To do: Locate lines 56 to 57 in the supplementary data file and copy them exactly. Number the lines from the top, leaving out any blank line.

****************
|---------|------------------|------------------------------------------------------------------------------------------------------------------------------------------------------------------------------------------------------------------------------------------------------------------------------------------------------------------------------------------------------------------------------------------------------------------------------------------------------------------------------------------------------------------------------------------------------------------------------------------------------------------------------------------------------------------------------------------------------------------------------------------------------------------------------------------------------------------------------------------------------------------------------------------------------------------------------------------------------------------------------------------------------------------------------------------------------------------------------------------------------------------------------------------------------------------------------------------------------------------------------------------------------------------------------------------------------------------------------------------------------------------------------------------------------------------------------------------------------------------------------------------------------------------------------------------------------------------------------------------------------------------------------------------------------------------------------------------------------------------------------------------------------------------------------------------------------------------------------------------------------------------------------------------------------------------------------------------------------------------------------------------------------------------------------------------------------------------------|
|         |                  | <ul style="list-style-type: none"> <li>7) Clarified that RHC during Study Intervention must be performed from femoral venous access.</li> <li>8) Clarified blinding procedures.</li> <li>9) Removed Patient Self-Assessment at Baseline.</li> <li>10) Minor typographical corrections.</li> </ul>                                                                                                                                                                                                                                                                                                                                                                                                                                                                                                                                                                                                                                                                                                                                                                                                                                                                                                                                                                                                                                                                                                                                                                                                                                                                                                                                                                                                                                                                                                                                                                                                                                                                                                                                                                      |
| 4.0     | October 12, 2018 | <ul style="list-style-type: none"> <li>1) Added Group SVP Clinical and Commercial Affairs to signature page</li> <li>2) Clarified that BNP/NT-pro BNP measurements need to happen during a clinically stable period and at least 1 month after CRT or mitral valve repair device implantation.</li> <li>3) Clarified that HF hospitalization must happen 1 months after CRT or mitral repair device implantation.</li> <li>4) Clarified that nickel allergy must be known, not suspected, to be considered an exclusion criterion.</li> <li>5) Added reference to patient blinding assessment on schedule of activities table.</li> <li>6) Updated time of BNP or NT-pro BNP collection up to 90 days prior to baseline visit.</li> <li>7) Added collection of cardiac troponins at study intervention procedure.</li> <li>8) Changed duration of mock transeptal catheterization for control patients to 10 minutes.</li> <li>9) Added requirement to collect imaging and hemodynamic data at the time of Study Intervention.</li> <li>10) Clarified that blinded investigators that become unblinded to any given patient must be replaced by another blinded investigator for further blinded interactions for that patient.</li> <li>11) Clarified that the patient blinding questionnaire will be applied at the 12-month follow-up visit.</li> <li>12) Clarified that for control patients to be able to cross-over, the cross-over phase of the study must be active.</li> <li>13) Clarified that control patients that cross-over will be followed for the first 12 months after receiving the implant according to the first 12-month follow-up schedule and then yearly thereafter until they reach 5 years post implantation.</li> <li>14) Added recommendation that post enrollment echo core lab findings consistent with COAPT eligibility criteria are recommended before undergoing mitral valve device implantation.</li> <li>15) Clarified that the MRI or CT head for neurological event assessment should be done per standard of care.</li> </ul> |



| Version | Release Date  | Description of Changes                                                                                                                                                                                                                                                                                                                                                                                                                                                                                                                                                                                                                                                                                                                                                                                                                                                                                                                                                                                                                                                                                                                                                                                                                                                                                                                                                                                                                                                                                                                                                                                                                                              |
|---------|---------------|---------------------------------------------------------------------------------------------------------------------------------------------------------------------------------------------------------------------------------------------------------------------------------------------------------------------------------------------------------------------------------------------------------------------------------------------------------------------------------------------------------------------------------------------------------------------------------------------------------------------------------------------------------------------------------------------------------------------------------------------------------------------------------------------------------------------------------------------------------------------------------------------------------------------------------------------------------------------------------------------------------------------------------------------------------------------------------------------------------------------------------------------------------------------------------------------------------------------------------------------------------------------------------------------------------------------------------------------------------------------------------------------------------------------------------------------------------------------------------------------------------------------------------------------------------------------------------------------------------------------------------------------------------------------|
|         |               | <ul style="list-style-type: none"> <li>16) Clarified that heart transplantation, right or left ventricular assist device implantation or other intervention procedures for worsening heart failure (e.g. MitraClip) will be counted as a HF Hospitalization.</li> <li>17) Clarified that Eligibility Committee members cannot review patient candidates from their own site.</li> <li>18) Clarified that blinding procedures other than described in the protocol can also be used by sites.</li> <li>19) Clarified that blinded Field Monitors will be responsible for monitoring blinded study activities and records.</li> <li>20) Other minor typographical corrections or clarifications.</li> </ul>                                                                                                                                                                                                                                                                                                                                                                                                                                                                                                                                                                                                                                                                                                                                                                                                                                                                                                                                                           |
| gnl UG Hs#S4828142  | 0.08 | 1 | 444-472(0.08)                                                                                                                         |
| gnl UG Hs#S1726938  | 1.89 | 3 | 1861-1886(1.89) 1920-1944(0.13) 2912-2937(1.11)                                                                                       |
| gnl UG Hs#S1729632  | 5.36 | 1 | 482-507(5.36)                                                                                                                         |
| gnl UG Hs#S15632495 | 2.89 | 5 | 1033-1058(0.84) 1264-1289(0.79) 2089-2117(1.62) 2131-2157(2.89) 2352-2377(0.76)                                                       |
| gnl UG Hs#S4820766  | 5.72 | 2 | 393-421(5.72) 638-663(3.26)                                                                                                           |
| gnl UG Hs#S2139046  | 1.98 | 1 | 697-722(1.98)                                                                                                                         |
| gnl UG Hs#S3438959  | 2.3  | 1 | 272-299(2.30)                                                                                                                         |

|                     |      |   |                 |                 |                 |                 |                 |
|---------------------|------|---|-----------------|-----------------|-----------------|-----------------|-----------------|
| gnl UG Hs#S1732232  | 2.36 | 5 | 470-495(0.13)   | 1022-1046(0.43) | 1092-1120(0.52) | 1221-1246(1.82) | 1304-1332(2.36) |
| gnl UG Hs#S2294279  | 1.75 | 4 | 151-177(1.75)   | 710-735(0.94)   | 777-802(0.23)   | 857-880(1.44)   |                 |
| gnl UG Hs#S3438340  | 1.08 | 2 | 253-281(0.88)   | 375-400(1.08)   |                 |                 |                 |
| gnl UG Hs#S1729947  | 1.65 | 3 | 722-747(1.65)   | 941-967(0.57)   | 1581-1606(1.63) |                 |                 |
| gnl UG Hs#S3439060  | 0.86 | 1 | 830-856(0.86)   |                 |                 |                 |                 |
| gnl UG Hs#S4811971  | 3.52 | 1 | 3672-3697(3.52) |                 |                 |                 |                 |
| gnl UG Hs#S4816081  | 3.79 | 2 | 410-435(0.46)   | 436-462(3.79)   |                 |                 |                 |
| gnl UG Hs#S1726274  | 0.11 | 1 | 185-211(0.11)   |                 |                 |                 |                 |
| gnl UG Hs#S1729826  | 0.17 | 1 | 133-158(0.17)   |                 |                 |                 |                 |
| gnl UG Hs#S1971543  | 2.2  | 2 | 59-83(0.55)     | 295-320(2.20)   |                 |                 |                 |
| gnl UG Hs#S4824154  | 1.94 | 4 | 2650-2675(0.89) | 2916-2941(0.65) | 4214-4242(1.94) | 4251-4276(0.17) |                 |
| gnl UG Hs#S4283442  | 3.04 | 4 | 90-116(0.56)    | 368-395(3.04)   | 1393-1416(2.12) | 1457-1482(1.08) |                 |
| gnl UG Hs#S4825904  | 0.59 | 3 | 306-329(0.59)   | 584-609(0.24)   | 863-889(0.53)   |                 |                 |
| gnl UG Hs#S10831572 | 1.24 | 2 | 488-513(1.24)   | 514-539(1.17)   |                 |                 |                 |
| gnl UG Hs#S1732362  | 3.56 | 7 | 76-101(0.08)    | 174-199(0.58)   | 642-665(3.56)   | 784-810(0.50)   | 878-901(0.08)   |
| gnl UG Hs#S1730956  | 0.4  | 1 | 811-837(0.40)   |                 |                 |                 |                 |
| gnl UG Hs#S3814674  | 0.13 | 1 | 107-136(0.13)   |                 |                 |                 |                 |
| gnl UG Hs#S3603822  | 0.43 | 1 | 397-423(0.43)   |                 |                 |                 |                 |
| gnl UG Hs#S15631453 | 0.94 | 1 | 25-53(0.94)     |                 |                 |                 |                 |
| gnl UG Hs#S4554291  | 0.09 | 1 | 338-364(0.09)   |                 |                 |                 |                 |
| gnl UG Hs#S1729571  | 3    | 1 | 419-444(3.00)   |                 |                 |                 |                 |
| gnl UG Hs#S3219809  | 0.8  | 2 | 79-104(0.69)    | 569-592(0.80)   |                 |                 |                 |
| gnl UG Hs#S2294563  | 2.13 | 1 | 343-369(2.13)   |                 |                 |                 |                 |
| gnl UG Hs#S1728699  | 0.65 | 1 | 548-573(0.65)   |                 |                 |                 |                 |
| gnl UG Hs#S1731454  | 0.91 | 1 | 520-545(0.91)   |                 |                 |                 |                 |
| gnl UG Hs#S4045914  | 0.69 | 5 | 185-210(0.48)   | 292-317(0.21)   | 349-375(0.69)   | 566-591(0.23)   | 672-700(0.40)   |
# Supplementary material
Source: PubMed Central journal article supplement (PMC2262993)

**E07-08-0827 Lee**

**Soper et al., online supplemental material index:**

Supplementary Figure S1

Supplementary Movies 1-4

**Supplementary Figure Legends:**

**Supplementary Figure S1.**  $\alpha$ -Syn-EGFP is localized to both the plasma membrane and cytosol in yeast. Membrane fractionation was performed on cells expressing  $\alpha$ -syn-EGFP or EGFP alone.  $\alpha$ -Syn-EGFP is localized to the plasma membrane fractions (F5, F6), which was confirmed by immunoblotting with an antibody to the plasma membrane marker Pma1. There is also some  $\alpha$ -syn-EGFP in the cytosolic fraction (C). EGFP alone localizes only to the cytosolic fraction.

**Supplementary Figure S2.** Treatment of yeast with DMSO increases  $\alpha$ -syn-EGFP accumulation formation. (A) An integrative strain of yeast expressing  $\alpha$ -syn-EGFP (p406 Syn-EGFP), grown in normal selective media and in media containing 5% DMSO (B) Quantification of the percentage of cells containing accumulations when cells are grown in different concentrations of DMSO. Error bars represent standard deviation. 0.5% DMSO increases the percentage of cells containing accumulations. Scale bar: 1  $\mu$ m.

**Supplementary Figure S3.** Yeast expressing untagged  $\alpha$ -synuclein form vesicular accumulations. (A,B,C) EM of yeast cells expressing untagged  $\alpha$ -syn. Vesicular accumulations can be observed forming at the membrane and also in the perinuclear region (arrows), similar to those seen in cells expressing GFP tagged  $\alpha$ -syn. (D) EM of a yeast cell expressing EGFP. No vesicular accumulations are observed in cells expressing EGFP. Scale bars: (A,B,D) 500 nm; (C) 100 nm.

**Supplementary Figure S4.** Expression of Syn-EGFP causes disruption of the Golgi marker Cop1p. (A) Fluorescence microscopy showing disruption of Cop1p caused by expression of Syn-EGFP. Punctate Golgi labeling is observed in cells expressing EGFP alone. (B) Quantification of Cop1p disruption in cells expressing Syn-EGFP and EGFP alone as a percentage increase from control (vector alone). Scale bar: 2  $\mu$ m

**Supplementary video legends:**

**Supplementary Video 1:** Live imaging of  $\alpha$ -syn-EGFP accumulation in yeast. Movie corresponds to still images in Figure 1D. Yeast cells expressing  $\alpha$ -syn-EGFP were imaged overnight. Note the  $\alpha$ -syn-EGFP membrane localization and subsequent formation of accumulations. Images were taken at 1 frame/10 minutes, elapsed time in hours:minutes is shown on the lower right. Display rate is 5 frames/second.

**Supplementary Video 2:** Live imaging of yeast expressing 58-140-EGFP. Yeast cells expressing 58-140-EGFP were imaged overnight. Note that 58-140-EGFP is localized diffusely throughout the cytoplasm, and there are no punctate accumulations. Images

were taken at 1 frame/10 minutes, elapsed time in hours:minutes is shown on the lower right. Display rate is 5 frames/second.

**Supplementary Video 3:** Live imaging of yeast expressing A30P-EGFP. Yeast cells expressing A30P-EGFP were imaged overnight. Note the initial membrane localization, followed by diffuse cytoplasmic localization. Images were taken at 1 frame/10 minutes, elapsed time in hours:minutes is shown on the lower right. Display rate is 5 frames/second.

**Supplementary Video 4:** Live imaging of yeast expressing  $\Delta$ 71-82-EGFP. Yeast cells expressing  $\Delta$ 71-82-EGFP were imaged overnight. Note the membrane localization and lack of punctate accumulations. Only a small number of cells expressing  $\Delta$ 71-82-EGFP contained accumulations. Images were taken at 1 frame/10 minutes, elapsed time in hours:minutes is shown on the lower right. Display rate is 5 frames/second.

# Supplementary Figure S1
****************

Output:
were taken at 1 frame/10 minutes, elapsed time in hours:minutes is shown on the lower right. Display rate is 5 frames/second.

**Supplementary Video 3:** Live imaging of yeast expressing A30P-EGFP. Yeast cells expressing A30P-EGFP were imaged overnight. Note the initial membrane localization, followed by diffuse cytoplasmic localization. Images were taken at 1 frame/10 minutes, elapsed time in hours:minutes is shown on the lower right. Display rate is 5 frames/second.